"The idea is at a very early stage. Just because this idea has been put forward does not mean it will happen. We don't work out all the details before putting a bid in because you would never put in a bid."So here we are with details published and a bid submitted for Government funding with the prospect of construction within a few years and they actually expect us to believe that it's still just a rough, back-of-the-envelope idea and they haven't even decided on such a key element and major cost item as whether a new bridge will be required at Prince Street.
Fellow blogger Stockwoodpete has also looked into this same issue in his more thorough and painstaking way and highlighted the contradictory position of the Conservatives on this issue. Their leader Richard Eddy has been a prominent opponent of the closure of Prince Street Bridge to cars over many years and confirmed for the Post -
"I would strongly oppose any design solution that would banish private traffic from using Prince Street Bridge."Yet his Conservative colleague Cllr Barbara Lewis cancelled the Scrutiny Committee of the West of England Partnership which was due to sit yesterday and which could have asked pertinent questions.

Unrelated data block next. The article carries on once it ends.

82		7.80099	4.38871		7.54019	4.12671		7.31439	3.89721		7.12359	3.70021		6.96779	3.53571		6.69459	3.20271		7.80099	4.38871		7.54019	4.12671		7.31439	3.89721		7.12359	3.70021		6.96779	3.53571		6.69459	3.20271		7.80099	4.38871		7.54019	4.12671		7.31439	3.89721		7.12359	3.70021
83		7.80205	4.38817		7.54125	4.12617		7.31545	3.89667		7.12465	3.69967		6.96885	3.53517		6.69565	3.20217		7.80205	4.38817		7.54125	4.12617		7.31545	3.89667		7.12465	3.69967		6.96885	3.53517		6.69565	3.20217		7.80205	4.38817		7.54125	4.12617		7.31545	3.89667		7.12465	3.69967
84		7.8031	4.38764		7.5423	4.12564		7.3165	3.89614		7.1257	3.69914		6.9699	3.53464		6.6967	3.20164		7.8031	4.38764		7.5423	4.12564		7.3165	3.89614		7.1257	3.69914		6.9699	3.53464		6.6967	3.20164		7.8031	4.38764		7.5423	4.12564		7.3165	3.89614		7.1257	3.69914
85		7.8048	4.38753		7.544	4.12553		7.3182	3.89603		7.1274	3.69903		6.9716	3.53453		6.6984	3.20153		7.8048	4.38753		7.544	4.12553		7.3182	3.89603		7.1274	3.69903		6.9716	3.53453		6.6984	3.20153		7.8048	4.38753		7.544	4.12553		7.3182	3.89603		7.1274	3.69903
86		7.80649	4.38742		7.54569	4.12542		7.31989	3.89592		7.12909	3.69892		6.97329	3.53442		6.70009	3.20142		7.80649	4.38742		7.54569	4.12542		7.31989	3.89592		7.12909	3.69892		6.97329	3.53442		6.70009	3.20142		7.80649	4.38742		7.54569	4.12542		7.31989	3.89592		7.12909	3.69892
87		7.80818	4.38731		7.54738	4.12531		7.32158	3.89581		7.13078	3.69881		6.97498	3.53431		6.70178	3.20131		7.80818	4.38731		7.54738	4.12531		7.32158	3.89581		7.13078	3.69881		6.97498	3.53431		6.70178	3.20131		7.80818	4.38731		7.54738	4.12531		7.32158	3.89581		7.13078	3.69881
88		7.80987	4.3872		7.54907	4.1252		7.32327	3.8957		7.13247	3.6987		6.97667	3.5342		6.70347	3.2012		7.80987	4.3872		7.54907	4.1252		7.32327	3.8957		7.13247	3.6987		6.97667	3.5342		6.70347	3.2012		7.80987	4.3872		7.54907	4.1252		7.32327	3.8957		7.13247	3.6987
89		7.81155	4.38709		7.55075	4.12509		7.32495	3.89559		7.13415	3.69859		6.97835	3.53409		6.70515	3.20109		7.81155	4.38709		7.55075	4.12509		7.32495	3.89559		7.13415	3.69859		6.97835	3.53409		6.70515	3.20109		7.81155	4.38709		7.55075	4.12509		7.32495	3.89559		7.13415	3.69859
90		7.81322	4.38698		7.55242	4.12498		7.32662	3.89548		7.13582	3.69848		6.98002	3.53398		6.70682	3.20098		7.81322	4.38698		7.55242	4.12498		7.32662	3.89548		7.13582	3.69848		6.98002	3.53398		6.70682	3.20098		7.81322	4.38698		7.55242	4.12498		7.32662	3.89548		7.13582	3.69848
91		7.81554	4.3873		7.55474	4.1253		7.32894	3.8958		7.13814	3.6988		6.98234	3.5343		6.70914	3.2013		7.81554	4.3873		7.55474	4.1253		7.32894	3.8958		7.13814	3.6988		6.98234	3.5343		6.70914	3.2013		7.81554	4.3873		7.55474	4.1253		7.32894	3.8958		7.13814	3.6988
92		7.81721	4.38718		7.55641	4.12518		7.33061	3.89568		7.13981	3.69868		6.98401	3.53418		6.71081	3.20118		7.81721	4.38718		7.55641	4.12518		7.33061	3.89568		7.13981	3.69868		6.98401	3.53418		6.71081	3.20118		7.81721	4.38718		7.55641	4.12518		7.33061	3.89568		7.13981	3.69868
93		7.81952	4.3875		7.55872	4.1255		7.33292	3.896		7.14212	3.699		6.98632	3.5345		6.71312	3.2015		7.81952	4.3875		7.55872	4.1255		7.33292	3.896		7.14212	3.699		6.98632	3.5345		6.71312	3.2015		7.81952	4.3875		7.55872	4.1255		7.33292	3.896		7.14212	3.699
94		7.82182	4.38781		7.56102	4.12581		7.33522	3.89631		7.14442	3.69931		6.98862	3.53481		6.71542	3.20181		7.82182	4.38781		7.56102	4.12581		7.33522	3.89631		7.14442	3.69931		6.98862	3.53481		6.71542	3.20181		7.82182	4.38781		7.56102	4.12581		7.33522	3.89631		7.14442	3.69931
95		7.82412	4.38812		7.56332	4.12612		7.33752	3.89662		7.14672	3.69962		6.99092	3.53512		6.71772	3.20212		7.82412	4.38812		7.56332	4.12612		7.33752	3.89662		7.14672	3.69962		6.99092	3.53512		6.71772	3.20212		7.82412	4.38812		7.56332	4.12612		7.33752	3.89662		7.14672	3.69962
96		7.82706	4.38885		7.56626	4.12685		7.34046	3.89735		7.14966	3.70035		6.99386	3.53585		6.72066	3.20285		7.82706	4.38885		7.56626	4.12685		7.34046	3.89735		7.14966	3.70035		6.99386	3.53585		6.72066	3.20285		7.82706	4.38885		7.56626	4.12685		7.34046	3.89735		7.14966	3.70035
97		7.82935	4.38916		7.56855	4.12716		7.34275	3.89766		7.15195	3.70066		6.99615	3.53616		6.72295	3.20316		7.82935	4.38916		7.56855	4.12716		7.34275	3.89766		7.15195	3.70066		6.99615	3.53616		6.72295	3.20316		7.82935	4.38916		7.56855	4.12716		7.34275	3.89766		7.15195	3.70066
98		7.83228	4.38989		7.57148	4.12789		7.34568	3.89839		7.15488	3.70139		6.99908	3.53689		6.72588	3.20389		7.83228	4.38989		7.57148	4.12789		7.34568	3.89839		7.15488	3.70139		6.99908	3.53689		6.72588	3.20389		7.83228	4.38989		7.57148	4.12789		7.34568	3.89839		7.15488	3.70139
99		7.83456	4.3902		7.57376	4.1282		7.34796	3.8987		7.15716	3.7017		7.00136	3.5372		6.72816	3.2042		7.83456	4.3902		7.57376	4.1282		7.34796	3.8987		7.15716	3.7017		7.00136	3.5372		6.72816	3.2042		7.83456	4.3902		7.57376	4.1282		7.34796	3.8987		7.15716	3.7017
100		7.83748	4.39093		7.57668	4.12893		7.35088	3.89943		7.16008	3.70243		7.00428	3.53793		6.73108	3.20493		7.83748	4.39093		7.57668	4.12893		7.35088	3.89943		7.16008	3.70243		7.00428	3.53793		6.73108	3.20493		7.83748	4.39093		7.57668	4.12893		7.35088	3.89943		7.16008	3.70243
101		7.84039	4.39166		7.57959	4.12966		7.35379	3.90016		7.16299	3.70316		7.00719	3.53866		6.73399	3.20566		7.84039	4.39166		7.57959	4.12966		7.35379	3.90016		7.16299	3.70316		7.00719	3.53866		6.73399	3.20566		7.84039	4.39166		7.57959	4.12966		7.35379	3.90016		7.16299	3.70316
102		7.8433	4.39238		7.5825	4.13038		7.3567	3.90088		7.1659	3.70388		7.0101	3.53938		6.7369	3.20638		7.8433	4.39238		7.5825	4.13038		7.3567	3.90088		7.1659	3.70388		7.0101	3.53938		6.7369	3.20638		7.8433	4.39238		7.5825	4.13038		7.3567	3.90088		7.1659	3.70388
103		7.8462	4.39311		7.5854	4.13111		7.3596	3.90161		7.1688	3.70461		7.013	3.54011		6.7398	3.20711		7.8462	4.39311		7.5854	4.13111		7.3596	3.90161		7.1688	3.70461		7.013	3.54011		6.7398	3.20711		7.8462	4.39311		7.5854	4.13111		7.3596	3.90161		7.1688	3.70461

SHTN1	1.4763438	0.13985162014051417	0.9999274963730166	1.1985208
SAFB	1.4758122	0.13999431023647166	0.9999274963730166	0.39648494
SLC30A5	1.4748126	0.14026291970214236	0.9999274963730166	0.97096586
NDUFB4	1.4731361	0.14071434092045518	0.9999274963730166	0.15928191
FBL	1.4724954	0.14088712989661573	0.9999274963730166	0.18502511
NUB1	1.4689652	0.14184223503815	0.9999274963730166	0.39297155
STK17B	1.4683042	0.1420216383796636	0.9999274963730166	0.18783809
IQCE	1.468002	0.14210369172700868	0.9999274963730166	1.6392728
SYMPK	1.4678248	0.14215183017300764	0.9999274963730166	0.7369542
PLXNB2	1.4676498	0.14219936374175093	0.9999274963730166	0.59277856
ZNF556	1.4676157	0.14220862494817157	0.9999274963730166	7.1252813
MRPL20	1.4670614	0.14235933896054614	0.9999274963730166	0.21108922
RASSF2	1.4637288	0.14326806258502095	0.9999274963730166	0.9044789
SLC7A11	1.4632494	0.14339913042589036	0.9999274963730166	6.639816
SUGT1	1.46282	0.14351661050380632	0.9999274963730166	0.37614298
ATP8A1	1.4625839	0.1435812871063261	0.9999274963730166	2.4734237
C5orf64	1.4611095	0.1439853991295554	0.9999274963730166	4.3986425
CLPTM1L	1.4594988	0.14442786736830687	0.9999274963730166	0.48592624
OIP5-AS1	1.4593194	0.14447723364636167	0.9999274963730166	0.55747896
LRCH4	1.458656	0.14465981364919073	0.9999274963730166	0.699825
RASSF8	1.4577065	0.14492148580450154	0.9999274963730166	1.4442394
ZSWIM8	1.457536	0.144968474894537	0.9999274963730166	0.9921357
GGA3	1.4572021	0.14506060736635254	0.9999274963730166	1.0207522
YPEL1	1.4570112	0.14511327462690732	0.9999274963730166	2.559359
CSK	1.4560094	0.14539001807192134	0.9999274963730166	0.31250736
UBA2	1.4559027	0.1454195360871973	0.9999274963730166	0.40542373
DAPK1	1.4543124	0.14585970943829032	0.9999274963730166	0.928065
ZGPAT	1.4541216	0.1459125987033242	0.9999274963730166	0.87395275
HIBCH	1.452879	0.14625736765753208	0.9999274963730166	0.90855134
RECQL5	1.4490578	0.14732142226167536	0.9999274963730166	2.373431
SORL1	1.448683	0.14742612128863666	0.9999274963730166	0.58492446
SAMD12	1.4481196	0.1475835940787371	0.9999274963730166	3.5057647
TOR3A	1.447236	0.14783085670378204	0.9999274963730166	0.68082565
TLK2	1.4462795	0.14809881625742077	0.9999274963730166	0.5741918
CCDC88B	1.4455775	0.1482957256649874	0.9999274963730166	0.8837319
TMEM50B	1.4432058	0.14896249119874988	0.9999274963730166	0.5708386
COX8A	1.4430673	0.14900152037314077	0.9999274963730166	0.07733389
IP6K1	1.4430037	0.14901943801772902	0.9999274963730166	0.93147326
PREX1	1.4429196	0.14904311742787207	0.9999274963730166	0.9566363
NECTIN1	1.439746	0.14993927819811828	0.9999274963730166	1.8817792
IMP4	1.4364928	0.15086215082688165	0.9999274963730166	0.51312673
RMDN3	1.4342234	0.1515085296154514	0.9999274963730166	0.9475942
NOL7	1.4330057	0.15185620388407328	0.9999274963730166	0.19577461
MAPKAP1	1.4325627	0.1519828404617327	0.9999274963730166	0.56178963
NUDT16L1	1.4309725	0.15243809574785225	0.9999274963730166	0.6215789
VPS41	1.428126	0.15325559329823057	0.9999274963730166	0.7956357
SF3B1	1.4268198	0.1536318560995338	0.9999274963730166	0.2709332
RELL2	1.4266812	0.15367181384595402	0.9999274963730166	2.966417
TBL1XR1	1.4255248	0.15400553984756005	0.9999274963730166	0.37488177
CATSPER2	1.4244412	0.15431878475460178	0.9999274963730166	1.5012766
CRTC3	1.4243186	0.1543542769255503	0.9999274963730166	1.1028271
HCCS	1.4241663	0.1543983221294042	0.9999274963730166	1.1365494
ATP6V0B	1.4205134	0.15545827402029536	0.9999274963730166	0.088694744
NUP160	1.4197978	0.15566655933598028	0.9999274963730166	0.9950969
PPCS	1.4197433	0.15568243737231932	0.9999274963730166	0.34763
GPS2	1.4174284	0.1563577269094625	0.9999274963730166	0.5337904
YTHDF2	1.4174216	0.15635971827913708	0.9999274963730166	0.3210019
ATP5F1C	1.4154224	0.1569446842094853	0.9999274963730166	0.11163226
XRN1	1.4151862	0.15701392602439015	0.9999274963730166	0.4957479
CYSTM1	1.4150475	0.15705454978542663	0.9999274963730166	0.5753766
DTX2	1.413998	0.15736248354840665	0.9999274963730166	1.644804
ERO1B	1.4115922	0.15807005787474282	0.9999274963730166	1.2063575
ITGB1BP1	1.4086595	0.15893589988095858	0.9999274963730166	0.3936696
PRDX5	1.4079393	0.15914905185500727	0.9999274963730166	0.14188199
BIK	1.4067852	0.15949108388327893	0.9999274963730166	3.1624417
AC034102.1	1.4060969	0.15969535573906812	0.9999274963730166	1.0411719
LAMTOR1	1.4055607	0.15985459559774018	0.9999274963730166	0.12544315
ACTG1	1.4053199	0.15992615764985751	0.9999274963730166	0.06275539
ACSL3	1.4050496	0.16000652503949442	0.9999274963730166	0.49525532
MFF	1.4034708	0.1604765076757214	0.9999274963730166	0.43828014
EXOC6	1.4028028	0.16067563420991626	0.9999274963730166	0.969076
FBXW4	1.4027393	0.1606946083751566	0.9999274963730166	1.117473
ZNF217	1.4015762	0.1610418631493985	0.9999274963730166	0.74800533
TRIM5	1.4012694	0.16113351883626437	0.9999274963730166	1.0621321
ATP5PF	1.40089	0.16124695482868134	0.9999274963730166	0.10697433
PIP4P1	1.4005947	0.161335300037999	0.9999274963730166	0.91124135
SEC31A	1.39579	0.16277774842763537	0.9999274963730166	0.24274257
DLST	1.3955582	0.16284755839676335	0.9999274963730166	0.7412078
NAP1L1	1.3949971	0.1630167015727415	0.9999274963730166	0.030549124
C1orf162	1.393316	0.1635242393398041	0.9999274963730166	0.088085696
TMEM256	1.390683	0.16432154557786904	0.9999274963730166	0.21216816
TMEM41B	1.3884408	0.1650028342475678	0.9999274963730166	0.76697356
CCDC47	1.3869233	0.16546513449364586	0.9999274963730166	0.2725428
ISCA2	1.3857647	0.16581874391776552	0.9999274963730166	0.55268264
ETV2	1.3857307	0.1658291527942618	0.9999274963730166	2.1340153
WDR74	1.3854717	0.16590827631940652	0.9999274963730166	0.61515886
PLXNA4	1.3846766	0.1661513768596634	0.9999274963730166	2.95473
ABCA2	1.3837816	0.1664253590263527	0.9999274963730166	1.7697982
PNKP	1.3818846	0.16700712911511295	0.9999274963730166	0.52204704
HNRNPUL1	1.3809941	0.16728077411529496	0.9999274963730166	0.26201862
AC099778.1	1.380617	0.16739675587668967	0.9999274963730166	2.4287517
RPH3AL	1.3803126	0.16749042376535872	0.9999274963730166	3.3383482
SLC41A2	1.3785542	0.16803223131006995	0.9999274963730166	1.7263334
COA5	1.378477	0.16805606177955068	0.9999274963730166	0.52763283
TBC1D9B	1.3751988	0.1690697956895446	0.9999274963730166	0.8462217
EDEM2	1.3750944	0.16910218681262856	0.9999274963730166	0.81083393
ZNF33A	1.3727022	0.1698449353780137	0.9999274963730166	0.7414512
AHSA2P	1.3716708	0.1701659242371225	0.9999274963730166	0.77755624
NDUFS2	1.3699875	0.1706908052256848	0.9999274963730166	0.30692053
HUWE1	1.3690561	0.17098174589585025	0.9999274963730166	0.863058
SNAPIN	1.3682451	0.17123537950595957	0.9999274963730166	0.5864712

The truth of course is that there is absolutely no chance of a new bridge at Prince Street and the BRT bendy-buses will have to use the existing bridge, possibly with some strengthening to take the weight and with the east side footway removed but otherwise unmodified. To allow BRT buses relatively free movement on the approaches to Prince Street Bridge, including stops on the north side and egress from the planned busway behind the new Museum of Bristol, requires that most other traffic is displaced. But of course in true Bristol Fashion that simple truth must be kept from the public for as long as possible, especially in the run up to local elections.
Later edit (12 noon) - Mark Bradshaw has kindly supplied a link to the report to Bristol City Council on 2nd February, item 7, which gives the general background, although on Prince Street Bridge it says little more than "the existing bridge will need to be modified or replaced to provide a crossing for Rapid Transit whilst retaining local access".
However the report on the initial consultation refers to concern expressed over the impact on Prince Street Bridge by English Heritage, Redcliffe Community Forum, Bristol Urban Design Forum, the City Urban Design Team (BCC Planning), the Harbour Master and an assortment of 'Environment Goups'. In addition the Broadmead Board favoured the removal of traffic from along The Cut and Prince Street Bridge.